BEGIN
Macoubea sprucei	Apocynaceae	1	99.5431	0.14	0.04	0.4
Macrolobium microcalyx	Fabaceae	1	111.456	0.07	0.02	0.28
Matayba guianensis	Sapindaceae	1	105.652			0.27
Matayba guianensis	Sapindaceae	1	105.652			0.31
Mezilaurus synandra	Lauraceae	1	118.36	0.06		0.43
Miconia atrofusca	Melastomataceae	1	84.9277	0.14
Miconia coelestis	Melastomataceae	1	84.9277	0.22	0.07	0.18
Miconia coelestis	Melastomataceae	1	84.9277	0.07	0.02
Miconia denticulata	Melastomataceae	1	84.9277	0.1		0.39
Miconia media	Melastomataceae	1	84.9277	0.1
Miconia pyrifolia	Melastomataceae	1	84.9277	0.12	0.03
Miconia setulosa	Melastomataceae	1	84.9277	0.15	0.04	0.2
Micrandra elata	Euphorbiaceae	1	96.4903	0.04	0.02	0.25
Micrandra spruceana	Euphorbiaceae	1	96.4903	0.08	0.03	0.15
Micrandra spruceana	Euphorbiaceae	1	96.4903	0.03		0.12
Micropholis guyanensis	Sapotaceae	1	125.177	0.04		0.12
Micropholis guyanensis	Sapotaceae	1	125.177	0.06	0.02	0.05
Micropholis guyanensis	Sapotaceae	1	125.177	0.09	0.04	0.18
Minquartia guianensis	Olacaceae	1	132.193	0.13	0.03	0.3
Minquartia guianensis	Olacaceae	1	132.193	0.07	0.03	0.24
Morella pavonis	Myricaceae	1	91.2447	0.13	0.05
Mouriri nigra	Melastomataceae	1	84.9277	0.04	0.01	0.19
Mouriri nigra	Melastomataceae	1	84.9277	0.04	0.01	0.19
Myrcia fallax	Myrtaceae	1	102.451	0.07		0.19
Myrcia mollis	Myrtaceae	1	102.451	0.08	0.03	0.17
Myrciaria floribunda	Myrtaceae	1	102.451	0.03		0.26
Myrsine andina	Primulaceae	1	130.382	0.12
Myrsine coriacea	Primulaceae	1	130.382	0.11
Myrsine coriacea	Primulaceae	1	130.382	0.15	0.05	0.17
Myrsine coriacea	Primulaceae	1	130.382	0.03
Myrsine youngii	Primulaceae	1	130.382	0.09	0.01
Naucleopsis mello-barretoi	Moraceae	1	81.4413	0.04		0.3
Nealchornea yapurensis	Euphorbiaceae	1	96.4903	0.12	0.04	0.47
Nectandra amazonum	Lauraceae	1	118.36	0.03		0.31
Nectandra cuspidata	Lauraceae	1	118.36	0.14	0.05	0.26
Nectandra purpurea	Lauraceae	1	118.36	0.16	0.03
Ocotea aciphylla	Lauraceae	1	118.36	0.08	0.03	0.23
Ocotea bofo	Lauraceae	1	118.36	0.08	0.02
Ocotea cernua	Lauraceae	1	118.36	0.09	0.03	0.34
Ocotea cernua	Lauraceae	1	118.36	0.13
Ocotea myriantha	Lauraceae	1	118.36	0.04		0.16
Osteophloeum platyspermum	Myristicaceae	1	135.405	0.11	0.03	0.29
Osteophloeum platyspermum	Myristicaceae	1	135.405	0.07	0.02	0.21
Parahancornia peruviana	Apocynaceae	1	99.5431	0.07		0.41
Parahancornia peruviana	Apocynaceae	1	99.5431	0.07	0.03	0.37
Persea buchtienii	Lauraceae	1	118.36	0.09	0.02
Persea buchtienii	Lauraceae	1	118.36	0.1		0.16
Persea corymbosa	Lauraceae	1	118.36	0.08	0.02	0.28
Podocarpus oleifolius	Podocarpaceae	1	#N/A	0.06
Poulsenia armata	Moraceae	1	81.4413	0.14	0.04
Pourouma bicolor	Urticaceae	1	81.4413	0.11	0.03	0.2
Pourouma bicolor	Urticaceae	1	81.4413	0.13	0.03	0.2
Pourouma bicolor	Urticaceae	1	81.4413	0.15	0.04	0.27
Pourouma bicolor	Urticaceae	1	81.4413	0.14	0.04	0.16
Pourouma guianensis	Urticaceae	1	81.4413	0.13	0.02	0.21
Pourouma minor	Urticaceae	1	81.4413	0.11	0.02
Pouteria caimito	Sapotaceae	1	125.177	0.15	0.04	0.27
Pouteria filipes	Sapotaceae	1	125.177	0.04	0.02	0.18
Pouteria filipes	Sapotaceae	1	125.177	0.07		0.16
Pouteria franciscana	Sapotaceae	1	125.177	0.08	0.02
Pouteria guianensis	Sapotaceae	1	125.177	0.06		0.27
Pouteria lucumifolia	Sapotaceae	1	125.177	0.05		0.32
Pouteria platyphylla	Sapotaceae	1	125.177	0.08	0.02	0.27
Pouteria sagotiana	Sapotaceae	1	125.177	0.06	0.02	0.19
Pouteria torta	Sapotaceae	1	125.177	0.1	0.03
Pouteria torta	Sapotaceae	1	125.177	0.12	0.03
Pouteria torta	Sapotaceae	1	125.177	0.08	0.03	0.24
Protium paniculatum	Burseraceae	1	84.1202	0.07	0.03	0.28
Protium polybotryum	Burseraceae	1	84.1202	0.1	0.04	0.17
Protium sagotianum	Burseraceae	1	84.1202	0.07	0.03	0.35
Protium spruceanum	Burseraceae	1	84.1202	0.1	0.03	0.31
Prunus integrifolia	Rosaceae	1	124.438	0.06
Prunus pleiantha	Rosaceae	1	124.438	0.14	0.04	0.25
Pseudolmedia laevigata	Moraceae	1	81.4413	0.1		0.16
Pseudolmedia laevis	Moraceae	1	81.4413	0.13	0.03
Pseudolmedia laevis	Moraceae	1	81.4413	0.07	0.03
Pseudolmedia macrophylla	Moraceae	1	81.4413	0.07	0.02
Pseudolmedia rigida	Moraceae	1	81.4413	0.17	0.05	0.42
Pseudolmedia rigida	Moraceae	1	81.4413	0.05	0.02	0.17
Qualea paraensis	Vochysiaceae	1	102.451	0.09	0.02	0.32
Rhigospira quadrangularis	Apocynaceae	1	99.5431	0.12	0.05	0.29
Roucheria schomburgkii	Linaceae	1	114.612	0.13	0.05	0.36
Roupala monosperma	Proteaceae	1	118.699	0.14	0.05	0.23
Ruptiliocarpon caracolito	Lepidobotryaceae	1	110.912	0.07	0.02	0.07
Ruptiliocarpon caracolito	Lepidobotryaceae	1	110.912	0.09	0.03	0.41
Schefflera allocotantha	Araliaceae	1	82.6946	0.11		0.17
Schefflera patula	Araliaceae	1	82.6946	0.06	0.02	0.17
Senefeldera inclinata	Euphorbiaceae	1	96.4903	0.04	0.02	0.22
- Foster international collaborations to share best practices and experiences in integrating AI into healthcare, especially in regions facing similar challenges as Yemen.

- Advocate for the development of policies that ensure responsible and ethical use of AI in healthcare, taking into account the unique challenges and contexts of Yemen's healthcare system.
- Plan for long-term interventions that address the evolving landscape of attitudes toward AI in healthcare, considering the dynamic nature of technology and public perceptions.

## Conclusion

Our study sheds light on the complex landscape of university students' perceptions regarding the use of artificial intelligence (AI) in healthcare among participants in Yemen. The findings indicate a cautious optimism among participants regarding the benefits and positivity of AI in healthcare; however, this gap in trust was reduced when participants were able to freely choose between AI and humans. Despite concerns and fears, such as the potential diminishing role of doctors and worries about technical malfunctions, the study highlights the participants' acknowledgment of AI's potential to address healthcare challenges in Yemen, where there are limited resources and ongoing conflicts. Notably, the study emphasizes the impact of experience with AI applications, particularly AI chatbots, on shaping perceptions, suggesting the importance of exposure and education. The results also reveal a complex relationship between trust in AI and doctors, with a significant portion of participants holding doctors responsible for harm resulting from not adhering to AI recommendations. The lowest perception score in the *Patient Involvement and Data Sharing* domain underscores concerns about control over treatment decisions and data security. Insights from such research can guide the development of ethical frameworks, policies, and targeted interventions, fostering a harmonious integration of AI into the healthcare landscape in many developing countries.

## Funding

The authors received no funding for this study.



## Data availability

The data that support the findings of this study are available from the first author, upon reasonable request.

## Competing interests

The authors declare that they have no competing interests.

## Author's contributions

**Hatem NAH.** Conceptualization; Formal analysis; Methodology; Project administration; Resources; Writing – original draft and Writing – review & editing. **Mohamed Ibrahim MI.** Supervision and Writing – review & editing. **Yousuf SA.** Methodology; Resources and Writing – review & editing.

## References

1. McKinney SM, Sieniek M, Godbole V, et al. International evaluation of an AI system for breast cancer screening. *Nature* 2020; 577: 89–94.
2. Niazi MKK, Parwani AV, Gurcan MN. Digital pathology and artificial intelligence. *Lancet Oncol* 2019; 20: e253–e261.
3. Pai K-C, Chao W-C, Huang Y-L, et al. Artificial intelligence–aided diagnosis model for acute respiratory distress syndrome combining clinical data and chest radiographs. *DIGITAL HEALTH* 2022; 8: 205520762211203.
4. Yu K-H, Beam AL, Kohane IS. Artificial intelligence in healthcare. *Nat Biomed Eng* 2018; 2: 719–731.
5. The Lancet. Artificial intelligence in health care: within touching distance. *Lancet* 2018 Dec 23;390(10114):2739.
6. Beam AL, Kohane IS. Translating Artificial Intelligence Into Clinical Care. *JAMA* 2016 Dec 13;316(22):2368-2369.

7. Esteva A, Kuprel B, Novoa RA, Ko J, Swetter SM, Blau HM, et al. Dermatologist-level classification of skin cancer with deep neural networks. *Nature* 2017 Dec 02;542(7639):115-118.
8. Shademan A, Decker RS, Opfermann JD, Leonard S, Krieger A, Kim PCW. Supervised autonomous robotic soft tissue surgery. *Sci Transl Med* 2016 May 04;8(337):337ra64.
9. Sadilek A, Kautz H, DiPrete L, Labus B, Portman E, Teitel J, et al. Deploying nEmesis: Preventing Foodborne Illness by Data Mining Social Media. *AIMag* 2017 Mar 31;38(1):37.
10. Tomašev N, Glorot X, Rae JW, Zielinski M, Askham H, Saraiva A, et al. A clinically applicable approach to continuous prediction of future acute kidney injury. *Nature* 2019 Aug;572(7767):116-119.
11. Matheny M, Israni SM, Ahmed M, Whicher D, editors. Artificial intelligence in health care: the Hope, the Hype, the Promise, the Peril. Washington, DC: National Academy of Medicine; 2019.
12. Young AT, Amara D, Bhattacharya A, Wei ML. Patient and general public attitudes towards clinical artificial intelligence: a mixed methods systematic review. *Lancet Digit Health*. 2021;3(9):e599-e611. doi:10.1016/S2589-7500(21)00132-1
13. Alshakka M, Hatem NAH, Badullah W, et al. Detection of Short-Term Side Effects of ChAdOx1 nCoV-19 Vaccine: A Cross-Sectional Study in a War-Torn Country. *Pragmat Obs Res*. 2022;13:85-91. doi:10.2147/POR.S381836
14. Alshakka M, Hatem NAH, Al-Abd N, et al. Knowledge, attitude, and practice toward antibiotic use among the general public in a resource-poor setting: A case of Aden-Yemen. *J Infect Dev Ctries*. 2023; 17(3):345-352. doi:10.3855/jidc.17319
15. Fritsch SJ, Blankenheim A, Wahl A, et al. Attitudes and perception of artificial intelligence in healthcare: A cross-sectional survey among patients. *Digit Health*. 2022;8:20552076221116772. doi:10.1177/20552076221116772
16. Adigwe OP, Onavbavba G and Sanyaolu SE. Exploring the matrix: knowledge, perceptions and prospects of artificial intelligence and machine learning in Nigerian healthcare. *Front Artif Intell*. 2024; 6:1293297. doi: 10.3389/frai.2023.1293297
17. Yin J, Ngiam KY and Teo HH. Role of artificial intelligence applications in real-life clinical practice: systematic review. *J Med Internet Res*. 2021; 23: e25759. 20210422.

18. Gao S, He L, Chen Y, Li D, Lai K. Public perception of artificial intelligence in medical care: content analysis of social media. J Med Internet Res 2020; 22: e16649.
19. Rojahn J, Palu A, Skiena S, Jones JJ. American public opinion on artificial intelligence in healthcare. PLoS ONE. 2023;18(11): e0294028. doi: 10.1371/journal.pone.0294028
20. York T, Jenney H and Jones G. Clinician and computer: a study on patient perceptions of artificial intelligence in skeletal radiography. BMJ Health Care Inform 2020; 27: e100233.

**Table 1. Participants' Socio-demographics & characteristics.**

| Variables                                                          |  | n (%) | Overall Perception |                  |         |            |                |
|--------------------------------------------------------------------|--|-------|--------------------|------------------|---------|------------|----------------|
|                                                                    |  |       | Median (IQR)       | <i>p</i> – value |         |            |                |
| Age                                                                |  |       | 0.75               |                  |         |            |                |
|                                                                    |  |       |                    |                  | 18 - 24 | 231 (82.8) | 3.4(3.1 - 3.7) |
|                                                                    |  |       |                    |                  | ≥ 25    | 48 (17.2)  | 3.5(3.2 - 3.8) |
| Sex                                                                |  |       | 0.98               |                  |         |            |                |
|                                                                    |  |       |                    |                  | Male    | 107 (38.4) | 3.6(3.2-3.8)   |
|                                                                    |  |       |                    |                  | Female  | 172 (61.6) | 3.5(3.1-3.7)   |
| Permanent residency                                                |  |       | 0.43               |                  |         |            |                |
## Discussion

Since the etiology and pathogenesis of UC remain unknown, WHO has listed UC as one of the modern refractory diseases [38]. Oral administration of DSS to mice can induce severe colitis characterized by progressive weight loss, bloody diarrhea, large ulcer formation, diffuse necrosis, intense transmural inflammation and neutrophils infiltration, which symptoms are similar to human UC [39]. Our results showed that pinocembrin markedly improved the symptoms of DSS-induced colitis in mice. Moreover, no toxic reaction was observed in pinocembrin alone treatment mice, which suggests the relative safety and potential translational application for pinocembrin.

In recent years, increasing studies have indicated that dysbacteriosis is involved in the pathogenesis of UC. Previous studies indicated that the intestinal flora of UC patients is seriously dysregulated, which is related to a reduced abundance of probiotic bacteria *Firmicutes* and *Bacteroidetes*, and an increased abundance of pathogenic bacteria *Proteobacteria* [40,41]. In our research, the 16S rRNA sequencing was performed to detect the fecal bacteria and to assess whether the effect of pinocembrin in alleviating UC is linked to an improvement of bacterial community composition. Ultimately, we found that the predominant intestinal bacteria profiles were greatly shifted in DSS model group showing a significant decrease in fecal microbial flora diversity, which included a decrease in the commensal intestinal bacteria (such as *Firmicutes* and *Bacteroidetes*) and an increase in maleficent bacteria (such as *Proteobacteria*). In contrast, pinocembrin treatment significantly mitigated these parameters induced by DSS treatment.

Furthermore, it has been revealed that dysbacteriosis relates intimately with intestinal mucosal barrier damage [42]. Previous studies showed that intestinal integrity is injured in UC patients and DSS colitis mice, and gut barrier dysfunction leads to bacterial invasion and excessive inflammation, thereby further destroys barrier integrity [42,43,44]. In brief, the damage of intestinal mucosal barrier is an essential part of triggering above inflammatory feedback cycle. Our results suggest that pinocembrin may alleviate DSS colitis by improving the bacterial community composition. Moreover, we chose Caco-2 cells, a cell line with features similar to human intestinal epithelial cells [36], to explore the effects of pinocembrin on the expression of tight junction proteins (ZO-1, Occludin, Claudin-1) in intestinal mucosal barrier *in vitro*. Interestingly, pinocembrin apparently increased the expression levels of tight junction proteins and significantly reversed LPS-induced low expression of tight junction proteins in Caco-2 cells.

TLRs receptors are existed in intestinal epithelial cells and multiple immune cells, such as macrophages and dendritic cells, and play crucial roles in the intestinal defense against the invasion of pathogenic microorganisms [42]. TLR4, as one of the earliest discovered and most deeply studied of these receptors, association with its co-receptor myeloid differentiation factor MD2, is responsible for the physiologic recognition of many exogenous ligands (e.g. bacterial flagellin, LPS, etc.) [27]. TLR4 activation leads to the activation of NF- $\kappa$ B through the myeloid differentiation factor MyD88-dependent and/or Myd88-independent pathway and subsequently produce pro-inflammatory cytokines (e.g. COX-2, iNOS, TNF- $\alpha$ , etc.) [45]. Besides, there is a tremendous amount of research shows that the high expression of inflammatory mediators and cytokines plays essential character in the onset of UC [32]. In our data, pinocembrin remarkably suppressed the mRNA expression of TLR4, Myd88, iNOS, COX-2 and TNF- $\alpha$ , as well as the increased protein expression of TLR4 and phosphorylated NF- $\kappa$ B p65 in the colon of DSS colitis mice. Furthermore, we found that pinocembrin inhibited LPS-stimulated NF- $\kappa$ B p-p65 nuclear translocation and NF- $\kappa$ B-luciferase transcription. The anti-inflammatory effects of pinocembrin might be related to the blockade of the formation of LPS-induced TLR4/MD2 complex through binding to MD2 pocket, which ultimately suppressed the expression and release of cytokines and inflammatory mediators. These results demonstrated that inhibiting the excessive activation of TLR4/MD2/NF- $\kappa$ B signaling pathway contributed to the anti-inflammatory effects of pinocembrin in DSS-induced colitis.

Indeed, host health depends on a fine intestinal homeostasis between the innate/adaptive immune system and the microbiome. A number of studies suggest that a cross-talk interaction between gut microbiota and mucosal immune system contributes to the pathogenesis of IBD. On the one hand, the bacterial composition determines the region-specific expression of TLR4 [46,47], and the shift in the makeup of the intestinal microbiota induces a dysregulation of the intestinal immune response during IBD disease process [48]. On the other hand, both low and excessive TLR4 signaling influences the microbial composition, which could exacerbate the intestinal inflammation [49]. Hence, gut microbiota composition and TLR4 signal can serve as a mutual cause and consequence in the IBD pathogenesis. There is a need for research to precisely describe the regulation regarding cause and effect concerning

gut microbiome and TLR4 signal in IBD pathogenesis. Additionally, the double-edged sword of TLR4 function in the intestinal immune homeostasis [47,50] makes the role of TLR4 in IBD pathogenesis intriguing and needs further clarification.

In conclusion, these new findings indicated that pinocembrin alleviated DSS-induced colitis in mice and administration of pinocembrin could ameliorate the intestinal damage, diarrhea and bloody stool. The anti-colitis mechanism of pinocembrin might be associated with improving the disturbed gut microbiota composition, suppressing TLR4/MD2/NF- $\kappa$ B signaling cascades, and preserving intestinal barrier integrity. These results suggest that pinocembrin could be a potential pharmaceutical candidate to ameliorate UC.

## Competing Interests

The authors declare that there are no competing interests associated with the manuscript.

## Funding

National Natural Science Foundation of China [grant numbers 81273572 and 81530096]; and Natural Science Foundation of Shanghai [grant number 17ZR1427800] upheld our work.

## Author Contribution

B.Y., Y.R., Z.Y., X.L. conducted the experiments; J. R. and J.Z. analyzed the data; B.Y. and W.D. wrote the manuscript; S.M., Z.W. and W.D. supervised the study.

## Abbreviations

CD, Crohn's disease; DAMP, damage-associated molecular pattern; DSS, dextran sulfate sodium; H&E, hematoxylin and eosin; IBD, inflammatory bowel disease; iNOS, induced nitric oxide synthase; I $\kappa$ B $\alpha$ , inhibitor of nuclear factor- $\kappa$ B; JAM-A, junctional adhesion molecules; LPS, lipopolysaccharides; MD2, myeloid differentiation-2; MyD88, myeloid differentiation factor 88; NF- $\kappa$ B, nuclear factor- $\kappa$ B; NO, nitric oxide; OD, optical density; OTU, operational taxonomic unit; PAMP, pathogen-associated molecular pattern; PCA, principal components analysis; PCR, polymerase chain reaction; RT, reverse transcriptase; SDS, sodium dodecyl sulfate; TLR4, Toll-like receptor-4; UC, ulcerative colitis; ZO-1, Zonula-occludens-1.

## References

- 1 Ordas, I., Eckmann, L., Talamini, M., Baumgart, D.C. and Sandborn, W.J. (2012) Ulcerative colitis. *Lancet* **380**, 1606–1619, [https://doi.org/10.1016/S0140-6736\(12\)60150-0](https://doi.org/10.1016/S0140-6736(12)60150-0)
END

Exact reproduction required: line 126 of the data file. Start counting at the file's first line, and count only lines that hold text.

|                                                                    |  |       | Median (IQR)       | <i>p</i> – value |         |            |                |